[photo of Federation Peak courtesy of Tim Chappell]
Why wait 18 years to tell the not-so-extraordinary tale of a walk to Tasmania’s Federation Peak? Call me a slow learner, but I suspect I’m not alone in finding that the full significance of events – even very important events – is seldom apparent to the participants at the time. We can be stubbornly thick in the face of significance, and life flows on around it at exactly the same speed it does everything else. We’re simply swept off into the rest of life.
As I mention in a couple of episodes, I was unemployed at the time of this walk: one of the “victims” of Paul Keating’s “recession we had to have”. He had uttered those frank yet chilling words just weeks before our walk. I was finding out first-hand what a recession means in an individual life. How far do unemployment benefits stretch? How do family, friends, banks, potential employers and those still in work respond to you? To someone brought up to believe in constant progress, I’d begun to face all kinds of shocks, knocks and disillusionments.
A mountain changed all that. The impact of reaching the top of Tasmania’s most difficult peak was for me both profound and long-lasting. Of course, to bend the words of Lance Armstrong, it’s not all about the mountain. A mountain is mute; an object; unable to act or react. Yet the “because-it’s-there”-ness of Federation Peak; the strong hold it has on the imagination of most Australian bushwalkers, makes it more than a mere geological marvel. For me it was to become a character in the romantic-comic-drama of my life. A mute life coach; a reminder in rock of an individual’s power to strike back, to face fears, to keep taking steps.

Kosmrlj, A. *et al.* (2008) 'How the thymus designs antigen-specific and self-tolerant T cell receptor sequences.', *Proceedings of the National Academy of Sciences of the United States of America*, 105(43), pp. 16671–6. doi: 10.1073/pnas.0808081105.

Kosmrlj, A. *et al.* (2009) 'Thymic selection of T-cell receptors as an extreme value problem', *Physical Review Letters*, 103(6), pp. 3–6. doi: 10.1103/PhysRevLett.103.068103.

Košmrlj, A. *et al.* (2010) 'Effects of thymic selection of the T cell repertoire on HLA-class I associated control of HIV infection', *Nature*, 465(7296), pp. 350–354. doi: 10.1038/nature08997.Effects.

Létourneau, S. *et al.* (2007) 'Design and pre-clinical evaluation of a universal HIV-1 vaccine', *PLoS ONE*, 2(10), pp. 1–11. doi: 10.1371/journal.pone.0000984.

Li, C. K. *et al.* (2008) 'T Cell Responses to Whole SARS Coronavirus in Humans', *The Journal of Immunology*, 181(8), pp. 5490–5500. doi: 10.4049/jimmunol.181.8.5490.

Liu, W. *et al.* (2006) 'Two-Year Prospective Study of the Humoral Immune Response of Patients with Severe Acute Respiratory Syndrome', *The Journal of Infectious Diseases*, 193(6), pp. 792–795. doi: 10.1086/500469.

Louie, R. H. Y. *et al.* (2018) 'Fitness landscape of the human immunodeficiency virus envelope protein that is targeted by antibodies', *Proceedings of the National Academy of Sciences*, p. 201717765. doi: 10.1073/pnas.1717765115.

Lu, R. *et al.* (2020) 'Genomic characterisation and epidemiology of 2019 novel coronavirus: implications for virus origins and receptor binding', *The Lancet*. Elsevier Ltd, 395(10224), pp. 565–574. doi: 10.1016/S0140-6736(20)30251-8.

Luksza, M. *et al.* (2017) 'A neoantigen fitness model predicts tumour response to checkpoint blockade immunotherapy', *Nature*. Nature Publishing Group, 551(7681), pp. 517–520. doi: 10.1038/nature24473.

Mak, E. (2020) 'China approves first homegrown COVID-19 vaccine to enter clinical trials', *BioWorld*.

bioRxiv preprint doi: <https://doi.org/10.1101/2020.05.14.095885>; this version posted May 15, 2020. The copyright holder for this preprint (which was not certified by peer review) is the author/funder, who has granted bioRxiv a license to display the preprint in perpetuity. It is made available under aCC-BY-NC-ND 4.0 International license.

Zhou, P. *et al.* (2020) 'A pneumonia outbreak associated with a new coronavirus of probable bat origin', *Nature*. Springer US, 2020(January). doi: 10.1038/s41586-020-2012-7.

But the significance of Federation wasn’t only about the transformation brought about by one walk. I think I realised most of that 18 years ago. And yet I am still walking. That's because the other, more slow-dawning significance was how transcendent for me was the simple act of walking in wild places. It’s a feast I have enjoyed so often that it’s hard to discern all of its slow cooking ingredients. But for me they include connection to the natural world; the joys and trials of interacting with companions; physical exertion; challenge; self-reliance; the experience of beauty, silence, time and space. And perhaps there’s some kind of biological/theological imperative here as well. Perhaps we are designed for walking – originally as a means of maintaining bodily well-being through hunting and gathering, but still as a way to remain physically and mentally well. And as a means of leading us into an appreciation of the wonders walking feet can lead us to.
So the Federation pieces are about “mere” walking. But I hope to use those 15 different episodes as the nuclei around which to spin broader meditations on the wonders of walking. That’s the rough plan for my “wild walking book”. Like a good walk, it’s going to take time and preparation, and it’ll be done one step at a time. Watch this space!